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Tracing Tracy Territory

The Tracy heroes who stormed the beaches of Normandy 75 years ago

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D-Day will hit its 75th anniversary next Thursday.

It was on June 6, 1944, that American, British and Canadian troops stormed ashore on the Normandy beaches of France to launch the Allied forces campaign that ended in the defeat of Nazi Germany.

Because the Normandy landings generated so much excitement throughout the world, Tracyites who were among those at the Omaha and Utah beaches that overcast, bloody June morning have always received a special level of attention as D-Day anniversaries rolled around.

I can recall interviewing nearly all of them over the years.

There was Lee Lovelady, legendary Southern Pacific conductor, who as a pathfinder with the 82nd Airborne Division landed in Normandy near Sainte-Mere-Eglise just after midnight June 6.

A few hours later, John Gomes, first president of the Tracy War Memorial Association, and Heinz accountant Wally Anderson went ashore at Utah Beach with the 4th Infantry Division. John almost didn’t make it. The landing craft in which he was riding was hit by enemy fire, and he had to swim and wade the last 50 yards to shore. Wally was wounded just a few days later.

Onetime Tracy cop Bob Foley piloted a Navy landing craft onto the Normandy beaches.

Above the beaches, Tracyite Martin Sasser Jr. was a belly-gunner aboard a B-17 bomber that made two bombing raids over Normandy on D-Day.

Later in the day, on the second wave, another Tracyite, Wink Rounds, went ashore with an artillery battery that was part of the 26th Infantry Regimental Combat Team of the 1st Infantry Division.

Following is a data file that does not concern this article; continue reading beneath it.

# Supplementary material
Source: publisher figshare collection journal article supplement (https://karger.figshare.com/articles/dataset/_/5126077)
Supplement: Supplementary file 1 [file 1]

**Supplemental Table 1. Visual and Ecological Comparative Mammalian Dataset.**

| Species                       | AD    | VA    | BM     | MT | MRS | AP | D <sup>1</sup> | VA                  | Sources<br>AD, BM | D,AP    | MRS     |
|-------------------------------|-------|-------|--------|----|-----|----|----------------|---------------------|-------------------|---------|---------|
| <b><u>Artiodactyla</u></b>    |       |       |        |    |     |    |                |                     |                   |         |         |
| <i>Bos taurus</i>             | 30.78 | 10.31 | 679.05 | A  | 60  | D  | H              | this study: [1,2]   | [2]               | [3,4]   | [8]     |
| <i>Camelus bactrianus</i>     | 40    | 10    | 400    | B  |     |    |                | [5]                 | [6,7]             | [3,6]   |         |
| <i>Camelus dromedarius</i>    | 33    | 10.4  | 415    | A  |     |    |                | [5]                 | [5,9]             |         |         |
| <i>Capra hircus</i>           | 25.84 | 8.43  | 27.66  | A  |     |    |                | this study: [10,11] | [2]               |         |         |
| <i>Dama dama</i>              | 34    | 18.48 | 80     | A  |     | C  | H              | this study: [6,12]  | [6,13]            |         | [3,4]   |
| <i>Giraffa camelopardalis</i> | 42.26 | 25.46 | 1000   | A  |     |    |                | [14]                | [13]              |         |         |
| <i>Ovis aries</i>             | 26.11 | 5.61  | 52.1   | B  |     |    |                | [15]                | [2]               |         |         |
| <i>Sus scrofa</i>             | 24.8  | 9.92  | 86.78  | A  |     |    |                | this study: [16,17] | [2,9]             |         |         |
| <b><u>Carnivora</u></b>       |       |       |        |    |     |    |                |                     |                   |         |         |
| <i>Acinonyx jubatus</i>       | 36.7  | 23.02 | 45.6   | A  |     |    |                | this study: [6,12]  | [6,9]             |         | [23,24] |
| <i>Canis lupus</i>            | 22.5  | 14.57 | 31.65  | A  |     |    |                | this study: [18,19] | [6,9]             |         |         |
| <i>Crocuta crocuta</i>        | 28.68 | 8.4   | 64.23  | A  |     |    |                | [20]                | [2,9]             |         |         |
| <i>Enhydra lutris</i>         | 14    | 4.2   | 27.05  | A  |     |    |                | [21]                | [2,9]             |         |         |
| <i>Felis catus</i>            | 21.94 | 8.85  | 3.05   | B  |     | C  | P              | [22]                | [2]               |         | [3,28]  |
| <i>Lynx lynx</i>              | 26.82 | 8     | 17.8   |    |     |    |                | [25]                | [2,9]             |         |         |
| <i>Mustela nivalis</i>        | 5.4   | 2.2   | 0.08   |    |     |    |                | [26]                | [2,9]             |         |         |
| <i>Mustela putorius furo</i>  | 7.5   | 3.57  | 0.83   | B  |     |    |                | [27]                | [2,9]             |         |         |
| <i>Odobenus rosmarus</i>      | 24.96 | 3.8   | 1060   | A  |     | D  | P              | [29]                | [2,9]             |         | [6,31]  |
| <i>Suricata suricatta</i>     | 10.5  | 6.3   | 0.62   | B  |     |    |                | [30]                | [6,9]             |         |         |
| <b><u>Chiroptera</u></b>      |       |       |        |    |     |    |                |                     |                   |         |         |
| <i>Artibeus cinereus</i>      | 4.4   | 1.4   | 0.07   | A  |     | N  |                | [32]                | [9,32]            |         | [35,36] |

Over the years he lived here, Wink would fly a line of flags on D-Day in front of his Centre Court Drive home — and would be sure to call me to provide a D-Day reminder.

In fact, it was 10 years ago this week that Wink reported that it was the 65th anniversary of D-Day. I quickly realized that of the six D-Day veterans from Tracy I had recalled, only he and Martin Sasser were still alive.

This Thursday, all are gone — as is the case with nearly all veterans of World War II.

I have my own memories of D-Day. Although I served seven months with the 1st Infantry Division while I was in the Army in Germany, that was 11 years later, in 1955.

No, on June 6, 1944, I was an 11-year-old paper boy with the Stockton Record. It was just before 7 o’clock in the morning when Bill Taylor, the Record manager in Tracy, called to tell me and my brother, Tom, that we had to get down to the Record office on 10th Street — and fast.

Bill told us Allied forces had landed on the coast of France, and we had an “extra” to deliver. In those days, the Record was an afternoon paper, so this was really something special.

I still hold the images of riding on my bike down Berverdor and Highland avenues (Route 12 territory) tossing the thin “extra” edition toward the homes, all the time yelling, “Extra, extra, Allies land in France.” And I especially remember seeing people rush out of their front doors in pajamas and bathrobes to retrieve the D-Day “extra.”

This coming Thursday — three-quarters of a century later — D-Day memories will be with us again, and we can once more read (more likely watch) all about it, as those excited pajama-and-bathrobe-clad Tracyites on Route 12 did 75 years ago.

Sam Matthews, Tracy Press publisher emeritus, can be reached at 830-4234 or by email at shm@tracypress.com.

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